Louisiana tweaked its proposal to privatize its safety net hospitals in the hope that the Centers for Medicare & Medicaid Services will sign off on the deal.
CMS officials objected to the state's plan that allowed private entitites that leased eight state hospitals and a clinic to receive $261 million upfront payments and then use the payments to leverage matching dollars from the Medicaid program. The agency concluded that it amounted to a "hold harmless" financial arrangement that isn't permitted under federal regulations.
Under the new proposal, Louisiana is no longer using the upfront payments to obtain higher reimbursements from the Medicaid program. Instead, it plans to reclassify the eight leased hospitals as "low income academic hospitals," and use the level of care provided to the poor and medical education provided to future physicians and other healthcare professionals in order to qualify for enhanced Medicaid payments, the Advocate reported.
"We believe we have done what they asked us to do in putting forth an approvable state plan amendment," Louisiana State Health Secretary Kathy Kliebert told the Advocate.
As for the advance lease payments, "they can question that at any time," Kliebert said. "If they have a question about means of financing, they can question it apart from the state plan amendment."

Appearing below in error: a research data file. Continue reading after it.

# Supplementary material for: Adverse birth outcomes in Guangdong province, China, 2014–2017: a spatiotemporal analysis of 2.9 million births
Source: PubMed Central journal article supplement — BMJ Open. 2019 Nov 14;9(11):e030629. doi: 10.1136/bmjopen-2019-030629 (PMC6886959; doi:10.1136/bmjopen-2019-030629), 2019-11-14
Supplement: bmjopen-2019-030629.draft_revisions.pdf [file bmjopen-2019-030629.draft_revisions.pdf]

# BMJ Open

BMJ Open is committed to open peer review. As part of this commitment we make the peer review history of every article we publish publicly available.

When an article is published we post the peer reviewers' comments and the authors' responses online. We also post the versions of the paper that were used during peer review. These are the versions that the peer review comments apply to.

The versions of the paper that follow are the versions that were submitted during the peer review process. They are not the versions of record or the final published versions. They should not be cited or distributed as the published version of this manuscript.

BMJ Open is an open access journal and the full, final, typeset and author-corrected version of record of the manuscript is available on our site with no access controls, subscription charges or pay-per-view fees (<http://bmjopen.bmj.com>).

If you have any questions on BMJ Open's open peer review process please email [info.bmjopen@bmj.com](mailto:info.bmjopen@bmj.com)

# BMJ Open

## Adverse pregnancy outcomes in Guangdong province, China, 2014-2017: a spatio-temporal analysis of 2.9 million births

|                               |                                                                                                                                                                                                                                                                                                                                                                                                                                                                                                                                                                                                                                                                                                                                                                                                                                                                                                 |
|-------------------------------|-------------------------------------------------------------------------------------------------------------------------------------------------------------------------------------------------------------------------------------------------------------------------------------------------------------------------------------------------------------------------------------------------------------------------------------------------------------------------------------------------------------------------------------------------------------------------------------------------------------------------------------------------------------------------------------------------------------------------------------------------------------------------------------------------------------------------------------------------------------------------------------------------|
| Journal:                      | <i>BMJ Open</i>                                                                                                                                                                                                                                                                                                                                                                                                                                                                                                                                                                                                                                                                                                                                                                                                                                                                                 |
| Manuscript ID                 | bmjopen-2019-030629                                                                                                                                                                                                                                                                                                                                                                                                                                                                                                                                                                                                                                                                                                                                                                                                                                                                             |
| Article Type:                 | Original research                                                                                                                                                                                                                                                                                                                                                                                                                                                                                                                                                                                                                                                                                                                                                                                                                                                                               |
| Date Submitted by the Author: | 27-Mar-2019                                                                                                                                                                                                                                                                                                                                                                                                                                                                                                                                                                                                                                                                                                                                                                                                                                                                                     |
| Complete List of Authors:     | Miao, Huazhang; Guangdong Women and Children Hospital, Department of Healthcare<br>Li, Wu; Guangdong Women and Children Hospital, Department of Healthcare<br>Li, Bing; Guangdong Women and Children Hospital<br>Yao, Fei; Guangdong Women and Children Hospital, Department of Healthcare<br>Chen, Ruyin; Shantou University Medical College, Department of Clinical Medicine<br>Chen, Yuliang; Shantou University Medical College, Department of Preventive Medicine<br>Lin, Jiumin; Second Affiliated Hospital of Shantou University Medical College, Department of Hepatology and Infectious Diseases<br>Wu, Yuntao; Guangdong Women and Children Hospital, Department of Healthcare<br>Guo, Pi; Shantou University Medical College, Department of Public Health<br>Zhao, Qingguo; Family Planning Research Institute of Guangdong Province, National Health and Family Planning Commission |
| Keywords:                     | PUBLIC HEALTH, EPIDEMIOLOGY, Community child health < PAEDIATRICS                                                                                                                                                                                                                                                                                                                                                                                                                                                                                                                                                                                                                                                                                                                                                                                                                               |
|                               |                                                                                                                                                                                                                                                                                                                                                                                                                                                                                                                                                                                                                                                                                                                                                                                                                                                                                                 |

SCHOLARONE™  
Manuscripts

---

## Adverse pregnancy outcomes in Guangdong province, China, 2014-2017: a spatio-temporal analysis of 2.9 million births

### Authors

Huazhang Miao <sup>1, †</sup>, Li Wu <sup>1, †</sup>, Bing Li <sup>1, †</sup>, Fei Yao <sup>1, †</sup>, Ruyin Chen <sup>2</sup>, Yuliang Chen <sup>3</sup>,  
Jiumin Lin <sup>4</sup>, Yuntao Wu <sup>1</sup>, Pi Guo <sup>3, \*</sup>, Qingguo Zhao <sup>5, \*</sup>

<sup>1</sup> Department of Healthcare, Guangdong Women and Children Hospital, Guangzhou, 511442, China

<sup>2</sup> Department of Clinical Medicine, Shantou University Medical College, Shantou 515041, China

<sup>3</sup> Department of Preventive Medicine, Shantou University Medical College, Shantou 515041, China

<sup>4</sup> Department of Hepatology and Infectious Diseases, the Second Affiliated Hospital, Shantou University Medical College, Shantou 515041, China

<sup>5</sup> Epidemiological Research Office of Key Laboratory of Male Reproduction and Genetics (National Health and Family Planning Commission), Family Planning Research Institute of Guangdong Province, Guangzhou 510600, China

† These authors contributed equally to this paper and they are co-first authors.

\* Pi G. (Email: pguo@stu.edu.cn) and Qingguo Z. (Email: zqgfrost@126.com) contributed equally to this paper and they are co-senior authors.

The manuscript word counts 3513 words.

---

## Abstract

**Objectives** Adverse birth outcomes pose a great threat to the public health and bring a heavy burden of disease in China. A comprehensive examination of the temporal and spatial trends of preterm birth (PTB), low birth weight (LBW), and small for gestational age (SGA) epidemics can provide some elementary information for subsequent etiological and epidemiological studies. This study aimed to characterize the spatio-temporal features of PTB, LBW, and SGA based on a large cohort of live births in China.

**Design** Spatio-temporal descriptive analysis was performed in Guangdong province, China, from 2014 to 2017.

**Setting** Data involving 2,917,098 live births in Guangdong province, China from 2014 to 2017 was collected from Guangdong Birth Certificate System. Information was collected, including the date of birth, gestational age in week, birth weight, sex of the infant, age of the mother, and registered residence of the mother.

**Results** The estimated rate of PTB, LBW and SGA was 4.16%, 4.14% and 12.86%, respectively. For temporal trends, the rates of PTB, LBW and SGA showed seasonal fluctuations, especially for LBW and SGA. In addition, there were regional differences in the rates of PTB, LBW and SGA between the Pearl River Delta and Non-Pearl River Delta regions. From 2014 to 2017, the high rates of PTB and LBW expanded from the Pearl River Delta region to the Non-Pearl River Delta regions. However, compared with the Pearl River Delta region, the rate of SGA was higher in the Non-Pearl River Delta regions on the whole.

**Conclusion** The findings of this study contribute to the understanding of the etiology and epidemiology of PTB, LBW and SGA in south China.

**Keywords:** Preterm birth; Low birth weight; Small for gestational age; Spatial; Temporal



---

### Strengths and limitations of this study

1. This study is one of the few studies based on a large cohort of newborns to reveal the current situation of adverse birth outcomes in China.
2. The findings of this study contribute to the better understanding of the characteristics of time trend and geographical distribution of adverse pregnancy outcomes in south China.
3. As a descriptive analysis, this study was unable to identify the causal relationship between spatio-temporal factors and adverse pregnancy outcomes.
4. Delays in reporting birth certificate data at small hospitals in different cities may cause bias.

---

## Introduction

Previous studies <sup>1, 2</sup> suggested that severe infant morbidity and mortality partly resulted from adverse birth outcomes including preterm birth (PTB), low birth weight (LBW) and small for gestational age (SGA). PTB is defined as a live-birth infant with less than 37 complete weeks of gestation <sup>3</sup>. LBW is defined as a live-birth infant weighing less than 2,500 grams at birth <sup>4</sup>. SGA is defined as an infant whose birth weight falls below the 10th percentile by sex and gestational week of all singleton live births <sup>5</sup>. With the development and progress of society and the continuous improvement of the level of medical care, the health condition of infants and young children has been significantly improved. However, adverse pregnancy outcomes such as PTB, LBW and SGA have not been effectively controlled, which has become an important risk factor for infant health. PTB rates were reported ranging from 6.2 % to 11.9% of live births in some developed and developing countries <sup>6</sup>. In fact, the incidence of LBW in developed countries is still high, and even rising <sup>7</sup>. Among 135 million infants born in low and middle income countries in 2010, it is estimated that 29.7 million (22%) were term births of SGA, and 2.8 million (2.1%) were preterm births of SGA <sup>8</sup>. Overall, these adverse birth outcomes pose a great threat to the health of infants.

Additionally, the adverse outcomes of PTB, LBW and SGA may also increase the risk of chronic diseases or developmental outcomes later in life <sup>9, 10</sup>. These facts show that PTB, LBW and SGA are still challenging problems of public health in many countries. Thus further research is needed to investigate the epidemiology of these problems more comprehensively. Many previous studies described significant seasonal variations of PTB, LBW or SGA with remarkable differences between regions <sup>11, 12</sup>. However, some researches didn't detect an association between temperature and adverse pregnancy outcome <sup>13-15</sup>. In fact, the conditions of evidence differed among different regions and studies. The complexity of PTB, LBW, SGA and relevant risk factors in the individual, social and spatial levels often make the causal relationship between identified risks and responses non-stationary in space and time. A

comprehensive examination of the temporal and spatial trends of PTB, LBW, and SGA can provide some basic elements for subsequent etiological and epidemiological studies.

Louisiana began in 2012 to turn over its safety net hospital system, which is operated by the state university's healthcare arm, to private operators, despite warnings from even the state treasurer that it was not feasible, and hints from CMS that it was skeptical as to how it was structured.
The CMS' recent rejection of the state's plan sent lawmakers scrambling for an alternative, fearing that not having a privatization plan in place could cost it as much as $882 million in payments this fiscal year and potentially place the state's entire budget into a tailspin.
To learn more:
- read the Advocate article